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Thursday, 3 April 2014

Dangerous TIMES - Fed All Quiet On Rates

Why the Federal Reserve is vague about interest rates

Federal Reserve Chair Janet Yellen can expect questions about interest rates and unemployment when the Fed wraps up its two-day meeting later today.
The Fed had promised to keep interest rates near zero, at least until unemployment hit 6.5 percent. Unemployment is currently at 6.7 percent and dropping (and the Fed has said it will likely look at other factors, too). Yellen is known as a proponent of transparency – but she’s expected to say as little as possible  about what those other factors might be. 
Here's why:
1. Players in the stock and bond markets always want to know exactly what the Fed will do next.  Even when the Fed can’t say for sure.  
"They’re trying to figure out 'What is the Fed telling me about, what are interest rates going to do?'” says Ann Owens, a Hamilton College economics professor and former Fed economist. "There’s a real incentive to figure that out before everybody else does. Because if you can do that, then you can make a profit."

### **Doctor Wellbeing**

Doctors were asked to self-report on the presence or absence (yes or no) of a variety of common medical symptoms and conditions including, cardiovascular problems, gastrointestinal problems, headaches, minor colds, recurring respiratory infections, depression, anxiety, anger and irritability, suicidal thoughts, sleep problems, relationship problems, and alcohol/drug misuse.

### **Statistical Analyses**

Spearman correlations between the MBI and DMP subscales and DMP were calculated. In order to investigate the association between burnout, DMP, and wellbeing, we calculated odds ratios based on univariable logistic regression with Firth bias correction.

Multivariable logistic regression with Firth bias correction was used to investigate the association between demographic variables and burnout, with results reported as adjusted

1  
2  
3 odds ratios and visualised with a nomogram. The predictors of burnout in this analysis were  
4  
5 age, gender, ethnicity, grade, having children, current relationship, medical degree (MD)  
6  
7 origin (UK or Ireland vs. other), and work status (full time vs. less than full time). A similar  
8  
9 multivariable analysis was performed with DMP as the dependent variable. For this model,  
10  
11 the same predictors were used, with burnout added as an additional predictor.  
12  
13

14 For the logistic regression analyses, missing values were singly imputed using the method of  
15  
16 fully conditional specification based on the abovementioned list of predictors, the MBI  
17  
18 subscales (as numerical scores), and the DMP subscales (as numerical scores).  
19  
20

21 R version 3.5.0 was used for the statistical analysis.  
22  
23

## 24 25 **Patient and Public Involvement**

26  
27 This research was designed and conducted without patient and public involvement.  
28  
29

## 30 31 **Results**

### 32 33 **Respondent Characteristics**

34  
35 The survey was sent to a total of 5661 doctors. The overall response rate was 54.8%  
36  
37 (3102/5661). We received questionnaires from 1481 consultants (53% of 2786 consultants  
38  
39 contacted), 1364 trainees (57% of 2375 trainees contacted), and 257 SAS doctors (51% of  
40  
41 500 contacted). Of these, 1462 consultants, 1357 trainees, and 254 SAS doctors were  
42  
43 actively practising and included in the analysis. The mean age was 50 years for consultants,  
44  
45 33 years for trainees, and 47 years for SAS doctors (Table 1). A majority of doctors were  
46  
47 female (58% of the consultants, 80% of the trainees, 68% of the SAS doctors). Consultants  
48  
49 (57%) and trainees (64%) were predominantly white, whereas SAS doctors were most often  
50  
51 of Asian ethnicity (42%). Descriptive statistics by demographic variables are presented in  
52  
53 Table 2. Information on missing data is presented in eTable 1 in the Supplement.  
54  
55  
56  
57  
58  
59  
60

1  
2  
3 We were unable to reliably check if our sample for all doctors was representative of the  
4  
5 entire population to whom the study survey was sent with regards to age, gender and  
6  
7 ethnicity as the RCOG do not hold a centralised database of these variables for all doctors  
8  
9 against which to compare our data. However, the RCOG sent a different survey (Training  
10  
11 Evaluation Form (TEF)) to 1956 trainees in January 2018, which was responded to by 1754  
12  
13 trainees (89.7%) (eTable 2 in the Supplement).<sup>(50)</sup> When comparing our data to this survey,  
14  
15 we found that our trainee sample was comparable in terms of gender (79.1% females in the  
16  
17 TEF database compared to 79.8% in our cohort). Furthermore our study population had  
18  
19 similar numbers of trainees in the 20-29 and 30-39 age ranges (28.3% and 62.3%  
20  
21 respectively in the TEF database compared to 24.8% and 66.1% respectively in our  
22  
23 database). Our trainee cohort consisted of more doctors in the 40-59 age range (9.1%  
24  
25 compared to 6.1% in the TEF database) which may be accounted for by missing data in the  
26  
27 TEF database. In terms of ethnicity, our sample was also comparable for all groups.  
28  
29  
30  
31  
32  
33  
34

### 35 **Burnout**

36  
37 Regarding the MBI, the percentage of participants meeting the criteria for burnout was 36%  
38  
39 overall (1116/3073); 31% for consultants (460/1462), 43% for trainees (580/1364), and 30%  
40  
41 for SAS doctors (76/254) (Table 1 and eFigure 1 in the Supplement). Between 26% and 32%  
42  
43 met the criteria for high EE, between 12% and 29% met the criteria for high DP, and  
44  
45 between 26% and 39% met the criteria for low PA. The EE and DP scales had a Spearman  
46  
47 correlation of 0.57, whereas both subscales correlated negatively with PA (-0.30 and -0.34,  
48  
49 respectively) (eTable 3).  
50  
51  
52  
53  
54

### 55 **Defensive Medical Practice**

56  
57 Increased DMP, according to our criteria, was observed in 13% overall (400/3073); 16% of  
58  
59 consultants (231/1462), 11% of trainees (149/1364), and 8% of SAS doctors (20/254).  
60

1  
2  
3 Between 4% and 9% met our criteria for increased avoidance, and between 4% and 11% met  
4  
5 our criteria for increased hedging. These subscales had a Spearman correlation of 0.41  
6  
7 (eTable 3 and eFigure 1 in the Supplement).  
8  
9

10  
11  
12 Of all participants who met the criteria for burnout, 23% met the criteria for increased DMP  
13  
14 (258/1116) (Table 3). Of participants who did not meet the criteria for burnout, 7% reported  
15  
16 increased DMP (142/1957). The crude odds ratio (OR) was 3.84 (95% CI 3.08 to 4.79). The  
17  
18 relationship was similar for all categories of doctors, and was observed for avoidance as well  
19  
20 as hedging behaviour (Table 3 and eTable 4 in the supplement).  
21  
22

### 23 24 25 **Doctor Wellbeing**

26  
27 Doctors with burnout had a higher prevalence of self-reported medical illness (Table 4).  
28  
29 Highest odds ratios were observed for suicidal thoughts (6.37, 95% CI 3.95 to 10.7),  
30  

2. The Fed wants to give some guidance about what it’s thinking, without boxing itself in. Williams College economics professor Kenneth  Kuttner, who also worked for the Fed, says the Fed is like a college professor—with market players as grade-grubbing students.
"You hand out the grading rubric, and some kid says, 'Oh, look, I did X that’s on your grading rubric. Why didn’t I get an A?'" he says.  "You need to be specific enough that they know what to do in the paper, but vague enough that you can say, 'There are these other things I’m taking into account as well.'"
Because if those students get too unruly, it can cause trouble for the whole class.
One day, within the next five years, interest rates will rise in response, most likely, to a sudden surge in oil prices that will create an unprecedented spike in inflation. The US risks losing its status as the "global reserve currency." Hence by not doing so, it could place that status in peril. Major shortages in energy and material elements loom on the horizon that fuels this argument. 

Moreover, rates have been too low for too long. You can only defer the economic implications of limits to growth on a finite planet with crafty money ploys and tricks for so long. Reality bats last  And thus a reversion to the historical mean is in order on all fronts. Asset values are thus exposed to a historic correction - reality remains a cruel mistress! 

Platinum Wealth Partners
April 3, 2014

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